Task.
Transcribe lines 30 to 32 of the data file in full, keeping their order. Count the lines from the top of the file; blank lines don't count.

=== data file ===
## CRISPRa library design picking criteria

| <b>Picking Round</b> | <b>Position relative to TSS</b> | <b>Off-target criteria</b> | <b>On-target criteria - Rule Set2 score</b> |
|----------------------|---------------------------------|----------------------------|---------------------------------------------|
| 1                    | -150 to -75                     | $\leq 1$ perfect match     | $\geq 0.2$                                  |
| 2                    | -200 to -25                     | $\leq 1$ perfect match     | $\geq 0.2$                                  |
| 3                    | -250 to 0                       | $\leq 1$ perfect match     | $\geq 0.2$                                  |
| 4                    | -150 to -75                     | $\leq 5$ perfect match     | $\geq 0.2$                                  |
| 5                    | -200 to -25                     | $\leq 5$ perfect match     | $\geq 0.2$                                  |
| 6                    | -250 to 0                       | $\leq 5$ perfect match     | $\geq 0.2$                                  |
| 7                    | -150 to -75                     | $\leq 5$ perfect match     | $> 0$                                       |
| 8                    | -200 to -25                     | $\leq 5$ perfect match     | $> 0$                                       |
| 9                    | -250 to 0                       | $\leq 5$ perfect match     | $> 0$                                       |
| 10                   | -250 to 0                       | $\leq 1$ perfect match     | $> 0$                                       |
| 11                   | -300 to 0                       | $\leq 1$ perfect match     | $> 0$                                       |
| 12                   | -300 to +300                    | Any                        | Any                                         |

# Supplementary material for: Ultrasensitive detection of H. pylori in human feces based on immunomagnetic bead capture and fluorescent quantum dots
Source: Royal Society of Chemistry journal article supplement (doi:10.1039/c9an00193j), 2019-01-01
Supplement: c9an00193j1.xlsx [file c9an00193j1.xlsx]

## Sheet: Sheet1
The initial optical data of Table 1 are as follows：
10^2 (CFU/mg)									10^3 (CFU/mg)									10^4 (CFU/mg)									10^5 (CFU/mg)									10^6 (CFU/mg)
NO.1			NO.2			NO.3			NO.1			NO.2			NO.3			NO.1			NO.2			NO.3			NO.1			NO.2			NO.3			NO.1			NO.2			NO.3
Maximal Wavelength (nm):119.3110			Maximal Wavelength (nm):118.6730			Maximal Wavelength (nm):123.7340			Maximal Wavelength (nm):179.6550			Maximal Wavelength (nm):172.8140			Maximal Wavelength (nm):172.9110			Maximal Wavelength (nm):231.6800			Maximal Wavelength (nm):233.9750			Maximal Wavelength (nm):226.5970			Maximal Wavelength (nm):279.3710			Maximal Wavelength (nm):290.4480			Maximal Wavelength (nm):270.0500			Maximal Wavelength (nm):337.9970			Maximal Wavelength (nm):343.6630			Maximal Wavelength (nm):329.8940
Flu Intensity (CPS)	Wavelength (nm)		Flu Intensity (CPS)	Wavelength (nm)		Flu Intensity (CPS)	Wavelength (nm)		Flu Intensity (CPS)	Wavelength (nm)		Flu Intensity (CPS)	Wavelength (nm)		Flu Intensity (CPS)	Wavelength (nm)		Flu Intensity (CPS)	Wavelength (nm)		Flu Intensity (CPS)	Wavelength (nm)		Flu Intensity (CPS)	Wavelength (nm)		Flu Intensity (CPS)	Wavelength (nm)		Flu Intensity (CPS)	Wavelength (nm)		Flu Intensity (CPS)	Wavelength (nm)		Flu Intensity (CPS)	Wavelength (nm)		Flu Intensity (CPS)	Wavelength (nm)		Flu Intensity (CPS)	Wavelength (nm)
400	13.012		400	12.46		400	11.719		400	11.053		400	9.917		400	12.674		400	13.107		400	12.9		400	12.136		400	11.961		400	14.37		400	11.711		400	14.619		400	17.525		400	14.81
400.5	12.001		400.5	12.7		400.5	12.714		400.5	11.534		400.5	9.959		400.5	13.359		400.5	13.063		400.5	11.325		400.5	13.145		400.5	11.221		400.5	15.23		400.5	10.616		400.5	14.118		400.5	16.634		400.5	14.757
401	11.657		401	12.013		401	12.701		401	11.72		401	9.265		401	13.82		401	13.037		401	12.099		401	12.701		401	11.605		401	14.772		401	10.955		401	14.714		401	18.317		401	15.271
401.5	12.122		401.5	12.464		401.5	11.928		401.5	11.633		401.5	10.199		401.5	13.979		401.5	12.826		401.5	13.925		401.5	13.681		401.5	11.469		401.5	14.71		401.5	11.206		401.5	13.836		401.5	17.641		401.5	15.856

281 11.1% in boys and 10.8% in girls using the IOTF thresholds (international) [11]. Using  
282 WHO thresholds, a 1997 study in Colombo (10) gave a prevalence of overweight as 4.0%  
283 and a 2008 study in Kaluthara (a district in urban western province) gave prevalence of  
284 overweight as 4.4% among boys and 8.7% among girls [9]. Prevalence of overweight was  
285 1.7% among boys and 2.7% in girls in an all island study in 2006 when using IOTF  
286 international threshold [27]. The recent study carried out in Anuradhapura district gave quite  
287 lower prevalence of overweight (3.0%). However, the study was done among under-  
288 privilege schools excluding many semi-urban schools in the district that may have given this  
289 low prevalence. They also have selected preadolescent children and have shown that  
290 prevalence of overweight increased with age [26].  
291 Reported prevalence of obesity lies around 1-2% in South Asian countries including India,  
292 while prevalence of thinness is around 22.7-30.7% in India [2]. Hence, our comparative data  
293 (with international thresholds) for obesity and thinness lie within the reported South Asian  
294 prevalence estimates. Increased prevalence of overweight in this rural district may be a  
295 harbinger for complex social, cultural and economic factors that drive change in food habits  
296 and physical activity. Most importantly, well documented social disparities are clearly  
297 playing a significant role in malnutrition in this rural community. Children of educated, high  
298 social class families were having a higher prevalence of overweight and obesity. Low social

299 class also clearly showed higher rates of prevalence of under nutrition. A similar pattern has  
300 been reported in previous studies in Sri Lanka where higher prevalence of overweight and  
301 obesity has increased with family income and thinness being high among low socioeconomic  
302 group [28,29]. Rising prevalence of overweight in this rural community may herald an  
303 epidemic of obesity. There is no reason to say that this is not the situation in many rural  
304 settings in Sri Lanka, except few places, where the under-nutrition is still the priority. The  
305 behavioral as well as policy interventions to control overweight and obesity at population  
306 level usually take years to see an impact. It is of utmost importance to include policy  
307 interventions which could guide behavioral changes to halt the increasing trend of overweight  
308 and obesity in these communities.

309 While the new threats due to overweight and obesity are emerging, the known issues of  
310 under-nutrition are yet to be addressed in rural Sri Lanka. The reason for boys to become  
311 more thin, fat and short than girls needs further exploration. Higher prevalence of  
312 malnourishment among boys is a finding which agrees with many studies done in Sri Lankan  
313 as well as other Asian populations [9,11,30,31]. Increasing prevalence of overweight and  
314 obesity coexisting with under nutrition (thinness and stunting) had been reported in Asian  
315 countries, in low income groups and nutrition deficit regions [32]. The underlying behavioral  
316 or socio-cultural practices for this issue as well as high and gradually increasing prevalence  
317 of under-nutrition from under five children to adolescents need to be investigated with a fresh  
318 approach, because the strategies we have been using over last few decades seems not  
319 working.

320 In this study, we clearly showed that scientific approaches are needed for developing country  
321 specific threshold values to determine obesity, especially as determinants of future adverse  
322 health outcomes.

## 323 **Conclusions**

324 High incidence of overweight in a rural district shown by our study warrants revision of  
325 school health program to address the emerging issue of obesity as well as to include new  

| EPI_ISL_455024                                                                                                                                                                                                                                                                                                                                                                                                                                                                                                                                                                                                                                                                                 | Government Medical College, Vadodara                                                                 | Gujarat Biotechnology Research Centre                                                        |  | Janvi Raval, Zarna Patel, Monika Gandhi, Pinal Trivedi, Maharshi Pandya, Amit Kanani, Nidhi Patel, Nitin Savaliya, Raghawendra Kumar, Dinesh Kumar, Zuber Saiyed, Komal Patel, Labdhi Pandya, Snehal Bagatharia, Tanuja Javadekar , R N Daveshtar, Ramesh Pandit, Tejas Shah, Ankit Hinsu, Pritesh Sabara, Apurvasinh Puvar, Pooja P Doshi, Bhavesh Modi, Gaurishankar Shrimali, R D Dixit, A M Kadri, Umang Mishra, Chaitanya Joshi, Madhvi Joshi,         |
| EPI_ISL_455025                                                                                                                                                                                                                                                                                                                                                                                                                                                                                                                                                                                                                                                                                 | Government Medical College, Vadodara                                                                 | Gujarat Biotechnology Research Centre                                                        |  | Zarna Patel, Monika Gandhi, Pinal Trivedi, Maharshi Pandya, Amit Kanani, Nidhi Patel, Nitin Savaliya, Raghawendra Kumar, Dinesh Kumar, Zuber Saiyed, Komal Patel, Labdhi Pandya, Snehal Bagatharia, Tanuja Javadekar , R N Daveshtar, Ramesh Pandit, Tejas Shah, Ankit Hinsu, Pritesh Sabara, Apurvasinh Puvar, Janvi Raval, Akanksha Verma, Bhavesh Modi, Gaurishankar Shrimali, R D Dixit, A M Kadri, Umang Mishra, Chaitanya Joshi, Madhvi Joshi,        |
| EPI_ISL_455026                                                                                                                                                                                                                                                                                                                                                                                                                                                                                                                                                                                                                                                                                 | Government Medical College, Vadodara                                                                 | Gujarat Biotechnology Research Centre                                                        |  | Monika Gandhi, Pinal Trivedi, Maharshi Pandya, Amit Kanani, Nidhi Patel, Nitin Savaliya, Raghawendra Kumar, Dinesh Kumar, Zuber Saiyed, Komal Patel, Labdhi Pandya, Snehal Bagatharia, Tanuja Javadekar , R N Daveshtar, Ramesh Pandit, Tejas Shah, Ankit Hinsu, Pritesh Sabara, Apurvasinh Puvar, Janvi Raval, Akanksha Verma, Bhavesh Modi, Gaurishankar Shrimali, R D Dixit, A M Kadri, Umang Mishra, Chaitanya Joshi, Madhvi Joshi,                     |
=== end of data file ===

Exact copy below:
282 WHO thresholds, a 1997 study in Colombo (10) gave a prevalence of overweight as 4.0%  
283 and a 2008 study in Kaluthara (a district in urban western province) gave prevalence of  
284 overweight as 4.4% among boys and 8.7% among girls [9]. Prevalence of overweight was  